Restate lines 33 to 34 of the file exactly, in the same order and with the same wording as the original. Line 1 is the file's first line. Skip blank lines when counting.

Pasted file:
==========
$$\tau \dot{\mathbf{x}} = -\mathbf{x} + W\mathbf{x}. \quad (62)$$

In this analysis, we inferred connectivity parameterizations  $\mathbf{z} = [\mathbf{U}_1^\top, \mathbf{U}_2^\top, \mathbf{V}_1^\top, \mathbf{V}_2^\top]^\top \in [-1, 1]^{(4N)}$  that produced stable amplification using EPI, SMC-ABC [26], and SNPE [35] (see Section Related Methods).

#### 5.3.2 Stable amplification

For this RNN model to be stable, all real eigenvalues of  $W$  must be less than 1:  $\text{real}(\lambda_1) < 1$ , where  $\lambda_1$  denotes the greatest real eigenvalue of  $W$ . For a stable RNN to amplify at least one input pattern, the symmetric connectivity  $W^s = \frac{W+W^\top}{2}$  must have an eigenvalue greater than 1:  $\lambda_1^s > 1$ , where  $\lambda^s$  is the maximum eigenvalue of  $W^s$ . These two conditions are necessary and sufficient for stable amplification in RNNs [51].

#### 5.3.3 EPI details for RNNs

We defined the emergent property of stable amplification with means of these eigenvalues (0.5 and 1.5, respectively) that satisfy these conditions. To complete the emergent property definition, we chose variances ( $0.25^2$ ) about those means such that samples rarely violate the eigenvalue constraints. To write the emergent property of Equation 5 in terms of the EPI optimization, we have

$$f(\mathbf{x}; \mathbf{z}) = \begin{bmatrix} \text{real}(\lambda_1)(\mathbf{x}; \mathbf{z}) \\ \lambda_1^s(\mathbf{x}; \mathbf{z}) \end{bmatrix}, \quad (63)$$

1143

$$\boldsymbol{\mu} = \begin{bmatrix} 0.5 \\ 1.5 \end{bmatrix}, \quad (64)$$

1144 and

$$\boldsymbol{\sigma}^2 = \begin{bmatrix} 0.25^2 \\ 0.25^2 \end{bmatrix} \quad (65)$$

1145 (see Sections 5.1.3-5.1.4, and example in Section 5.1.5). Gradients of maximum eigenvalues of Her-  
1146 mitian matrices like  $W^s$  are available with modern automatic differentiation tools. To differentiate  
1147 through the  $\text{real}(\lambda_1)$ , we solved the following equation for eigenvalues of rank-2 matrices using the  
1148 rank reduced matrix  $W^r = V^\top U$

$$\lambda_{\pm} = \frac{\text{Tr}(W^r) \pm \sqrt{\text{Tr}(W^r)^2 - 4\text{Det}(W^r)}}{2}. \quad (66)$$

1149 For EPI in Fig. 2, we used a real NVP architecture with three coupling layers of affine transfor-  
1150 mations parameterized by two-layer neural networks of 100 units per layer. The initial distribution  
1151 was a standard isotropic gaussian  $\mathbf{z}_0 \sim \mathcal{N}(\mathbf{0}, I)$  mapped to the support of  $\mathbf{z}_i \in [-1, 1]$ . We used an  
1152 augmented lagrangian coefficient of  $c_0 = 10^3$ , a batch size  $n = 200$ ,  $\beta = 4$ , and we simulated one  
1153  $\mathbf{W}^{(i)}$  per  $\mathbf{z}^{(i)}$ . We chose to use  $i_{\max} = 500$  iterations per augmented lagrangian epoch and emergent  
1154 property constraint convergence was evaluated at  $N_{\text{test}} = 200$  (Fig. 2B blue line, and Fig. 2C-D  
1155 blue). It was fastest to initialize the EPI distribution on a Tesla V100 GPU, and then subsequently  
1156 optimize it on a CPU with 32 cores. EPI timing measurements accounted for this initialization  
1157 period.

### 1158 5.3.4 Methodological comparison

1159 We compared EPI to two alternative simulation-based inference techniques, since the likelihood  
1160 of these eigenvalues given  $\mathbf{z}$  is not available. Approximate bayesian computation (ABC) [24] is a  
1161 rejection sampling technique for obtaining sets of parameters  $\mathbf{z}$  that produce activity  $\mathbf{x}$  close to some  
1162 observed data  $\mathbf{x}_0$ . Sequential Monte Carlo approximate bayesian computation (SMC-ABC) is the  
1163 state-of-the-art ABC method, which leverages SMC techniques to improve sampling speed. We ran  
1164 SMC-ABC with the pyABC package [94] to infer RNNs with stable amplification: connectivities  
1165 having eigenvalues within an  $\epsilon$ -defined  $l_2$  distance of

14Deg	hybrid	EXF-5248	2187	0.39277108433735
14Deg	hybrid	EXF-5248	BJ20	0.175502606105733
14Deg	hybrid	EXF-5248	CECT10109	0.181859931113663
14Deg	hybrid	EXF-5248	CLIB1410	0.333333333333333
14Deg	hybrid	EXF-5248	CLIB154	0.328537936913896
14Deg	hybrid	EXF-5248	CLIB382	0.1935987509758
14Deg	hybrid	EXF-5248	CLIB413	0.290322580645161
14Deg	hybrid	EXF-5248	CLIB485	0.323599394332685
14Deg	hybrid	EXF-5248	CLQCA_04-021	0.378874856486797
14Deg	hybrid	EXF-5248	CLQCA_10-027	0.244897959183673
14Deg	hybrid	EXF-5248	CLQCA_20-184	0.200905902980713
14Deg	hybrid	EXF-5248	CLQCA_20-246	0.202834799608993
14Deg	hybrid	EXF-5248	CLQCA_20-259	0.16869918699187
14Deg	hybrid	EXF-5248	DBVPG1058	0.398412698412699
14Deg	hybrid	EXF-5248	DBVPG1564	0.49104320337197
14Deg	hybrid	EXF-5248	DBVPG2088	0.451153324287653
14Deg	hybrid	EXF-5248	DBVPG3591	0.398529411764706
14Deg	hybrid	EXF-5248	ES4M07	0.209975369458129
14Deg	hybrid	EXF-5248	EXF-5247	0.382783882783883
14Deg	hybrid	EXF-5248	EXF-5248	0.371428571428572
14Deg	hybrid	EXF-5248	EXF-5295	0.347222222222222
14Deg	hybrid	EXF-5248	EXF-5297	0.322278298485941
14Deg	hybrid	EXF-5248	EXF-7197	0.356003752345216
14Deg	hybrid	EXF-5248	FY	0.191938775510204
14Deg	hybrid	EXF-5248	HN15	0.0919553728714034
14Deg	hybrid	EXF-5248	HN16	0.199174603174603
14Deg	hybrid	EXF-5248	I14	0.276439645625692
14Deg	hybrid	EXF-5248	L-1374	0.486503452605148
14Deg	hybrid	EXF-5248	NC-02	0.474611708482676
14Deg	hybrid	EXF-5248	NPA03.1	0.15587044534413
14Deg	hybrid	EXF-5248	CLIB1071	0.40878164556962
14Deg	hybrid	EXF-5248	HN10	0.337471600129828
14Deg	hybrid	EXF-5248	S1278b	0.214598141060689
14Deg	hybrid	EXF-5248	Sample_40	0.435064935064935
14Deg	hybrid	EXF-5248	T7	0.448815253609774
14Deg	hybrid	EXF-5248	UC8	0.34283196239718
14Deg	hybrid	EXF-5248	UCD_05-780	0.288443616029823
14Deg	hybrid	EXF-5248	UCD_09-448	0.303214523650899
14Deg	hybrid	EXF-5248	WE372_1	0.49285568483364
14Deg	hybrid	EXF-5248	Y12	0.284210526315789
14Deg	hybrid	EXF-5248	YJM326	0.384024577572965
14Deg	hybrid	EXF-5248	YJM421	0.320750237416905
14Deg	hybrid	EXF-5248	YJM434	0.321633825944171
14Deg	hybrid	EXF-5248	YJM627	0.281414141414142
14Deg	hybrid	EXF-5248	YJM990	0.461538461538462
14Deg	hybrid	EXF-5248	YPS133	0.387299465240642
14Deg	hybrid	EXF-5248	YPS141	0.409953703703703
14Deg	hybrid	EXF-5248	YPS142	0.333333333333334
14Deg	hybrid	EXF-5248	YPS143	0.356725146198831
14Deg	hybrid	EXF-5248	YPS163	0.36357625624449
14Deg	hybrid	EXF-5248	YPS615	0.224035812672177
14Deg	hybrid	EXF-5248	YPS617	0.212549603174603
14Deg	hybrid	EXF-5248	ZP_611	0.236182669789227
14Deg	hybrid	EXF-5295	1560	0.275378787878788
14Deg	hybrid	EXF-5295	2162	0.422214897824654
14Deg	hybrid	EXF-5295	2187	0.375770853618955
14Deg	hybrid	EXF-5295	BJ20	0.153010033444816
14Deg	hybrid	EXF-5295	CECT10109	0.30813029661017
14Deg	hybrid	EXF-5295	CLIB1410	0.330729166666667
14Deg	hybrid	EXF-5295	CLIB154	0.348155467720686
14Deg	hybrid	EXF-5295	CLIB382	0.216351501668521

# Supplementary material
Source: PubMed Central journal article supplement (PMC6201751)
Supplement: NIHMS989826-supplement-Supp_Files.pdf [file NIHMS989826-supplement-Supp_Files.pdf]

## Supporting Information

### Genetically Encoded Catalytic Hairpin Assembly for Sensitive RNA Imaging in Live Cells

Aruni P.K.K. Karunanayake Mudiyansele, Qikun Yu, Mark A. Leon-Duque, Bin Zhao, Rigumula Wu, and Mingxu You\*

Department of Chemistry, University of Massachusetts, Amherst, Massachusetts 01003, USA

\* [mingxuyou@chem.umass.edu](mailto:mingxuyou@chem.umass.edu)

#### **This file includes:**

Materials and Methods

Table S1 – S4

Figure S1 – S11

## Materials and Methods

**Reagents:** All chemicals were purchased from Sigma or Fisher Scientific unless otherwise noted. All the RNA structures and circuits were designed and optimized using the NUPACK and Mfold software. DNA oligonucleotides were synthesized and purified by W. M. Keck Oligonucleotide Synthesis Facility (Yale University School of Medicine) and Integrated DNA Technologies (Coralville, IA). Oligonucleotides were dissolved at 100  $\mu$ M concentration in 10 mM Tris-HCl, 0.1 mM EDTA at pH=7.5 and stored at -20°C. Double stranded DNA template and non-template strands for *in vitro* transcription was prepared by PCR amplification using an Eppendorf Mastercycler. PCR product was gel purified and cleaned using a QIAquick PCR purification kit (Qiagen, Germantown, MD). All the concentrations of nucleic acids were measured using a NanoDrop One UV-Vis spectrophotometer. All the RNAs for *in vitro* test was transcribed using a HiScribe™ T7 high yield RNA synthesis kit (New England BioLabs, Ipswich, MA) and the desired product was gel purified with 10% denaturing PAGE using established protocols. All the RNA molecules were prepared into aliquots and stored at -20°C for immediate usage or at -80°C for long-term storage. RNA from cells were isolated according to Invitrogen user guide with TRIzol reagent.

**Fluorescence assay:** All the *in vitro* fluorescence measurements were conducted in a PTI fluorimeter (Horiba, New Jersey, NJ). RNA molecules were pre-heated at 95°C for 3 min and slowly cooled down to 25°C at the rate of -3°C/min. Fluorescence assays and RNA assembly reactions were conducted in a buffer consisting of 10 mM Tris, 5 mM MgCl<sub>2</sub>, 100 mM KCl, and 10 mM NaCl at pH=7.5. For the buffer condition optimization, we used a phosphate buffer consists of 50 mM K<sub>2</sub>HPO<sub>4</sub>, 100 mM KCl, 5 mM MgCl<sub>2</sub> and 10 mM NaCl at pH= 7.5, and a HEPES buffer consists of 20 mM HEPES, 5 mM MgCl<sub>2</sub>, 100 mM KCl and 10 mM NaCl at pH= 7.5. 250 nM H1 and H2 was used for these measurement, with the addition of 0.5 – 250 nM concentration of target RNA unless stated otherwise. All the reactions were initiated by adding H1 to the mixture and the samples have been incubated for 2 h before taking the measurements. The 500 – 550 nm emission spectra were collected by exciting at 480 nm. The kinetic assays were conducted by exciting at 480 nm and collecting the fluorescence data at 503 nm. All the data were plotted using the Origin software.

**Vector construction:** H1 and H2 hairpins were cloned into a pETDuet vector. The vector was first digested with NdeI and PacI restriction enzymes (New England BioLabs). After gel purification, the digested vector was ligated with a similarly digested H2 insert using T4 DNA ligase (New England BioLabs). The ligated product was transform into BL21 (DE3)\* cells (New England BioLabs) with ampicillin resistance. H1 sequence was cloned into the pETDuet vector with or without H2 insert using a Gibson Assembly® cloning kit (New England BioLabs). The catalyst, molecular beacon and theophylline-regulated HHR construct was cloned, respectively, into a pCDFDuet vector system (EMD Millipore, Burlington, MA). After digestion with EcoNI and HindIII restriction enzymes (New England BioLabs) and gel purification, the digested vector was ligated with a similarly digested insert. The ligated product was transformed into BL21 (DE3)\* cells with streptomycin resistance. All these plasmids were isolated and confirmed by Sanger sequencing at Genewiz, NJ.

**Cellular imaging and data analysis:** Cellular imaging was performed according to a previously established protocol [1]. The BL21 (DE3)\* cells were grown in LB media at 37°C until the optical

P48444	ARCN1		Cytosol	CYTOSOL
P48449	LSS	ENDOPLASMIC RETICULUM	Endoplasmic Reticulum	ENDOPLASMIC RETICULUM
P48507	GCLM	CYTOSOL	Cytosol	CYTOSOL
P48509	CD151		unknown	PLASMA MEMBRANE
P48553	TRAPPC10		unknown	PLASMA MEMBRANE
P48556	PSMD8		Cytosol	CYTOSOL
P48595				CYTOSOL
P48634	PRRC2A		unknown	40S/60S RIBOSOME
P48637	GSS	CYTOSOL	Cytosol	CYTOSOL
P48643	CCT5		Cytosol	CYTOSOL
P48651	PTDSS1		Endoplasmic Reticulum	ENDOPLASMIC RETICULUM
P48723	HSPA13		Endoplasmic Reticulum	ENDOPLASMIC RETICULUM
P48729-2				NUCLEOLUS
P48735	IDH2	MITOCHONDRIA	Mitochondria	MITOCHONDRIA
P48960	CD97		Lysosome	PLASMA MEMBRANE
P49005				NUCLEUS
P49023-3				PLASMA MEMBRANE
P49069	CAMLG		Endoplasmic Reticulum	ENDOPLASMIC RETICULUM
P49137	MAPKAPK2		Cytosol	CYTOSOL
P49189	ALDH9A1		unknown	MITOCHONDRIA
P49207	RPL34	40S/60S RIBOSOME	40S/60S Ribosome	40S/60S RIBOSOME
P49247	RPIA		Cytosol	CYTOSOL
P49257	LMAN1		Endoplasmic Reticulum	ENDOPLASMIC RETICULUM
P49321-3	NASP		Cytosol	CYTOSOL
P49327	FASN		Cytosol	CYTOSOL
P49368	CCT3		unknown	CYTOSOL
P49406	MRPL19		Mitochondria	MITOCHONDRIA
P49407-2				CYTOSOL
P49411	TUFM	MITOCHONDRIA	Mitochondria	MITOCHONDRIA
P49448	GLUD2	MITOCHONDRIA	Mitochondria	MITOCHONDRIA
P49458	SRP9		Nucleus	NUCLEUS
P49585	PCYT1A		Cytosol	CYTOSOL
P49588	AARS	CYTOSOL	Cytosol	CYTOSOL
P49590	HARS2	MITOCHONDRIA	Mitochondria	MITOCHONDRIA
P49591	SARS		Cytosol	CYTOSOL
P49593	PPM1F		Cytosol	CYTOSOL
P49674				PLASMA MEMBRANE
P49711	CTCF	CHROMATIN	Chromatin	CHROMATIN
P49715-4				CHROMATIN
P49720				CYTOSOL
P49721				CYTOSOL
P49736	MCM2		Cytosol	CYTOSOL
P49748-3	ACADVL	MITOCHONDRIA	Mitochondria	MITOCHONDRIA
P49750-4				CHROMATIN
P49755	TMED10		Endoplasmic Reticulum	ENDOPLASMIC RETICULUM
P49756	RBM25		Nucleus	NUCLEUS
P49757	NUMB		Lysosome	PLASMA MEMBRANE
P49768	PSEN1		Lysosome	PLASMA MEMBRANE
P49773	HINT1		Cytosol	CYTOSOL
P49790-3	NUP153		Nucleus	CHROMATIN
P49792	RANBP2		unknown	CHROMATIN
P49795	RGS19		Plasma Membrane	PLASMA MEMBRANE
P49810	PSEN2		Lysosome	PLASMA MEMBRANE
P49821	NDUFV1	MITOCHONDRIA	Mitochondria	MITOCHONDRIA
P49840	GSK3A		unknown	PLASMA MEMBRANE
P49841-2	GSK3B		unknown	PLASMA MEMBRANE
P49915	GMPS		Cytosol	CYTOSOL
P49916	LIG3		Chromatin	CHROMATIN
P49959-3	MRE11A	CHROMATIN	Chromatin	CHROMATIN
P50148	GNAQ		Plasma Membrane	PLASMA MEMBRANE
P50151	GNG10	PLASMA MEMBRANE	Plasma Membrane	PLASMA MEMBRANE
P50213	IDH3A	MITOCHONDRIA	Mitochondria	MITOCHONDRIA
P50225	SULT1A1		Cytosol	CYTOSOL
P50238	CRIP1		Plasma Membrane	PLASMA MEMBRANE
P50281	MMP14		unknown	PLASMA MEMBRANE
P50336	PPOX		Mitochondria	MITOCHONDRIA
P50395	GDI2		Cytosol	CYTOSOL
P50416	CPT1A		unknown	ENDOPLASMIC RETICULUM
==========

1165 having eigenvalues within an  $\epsilon$ -defined  $l_2$  distance of

14Deg	hybrid	EXF-5248	2187	0.39277108433735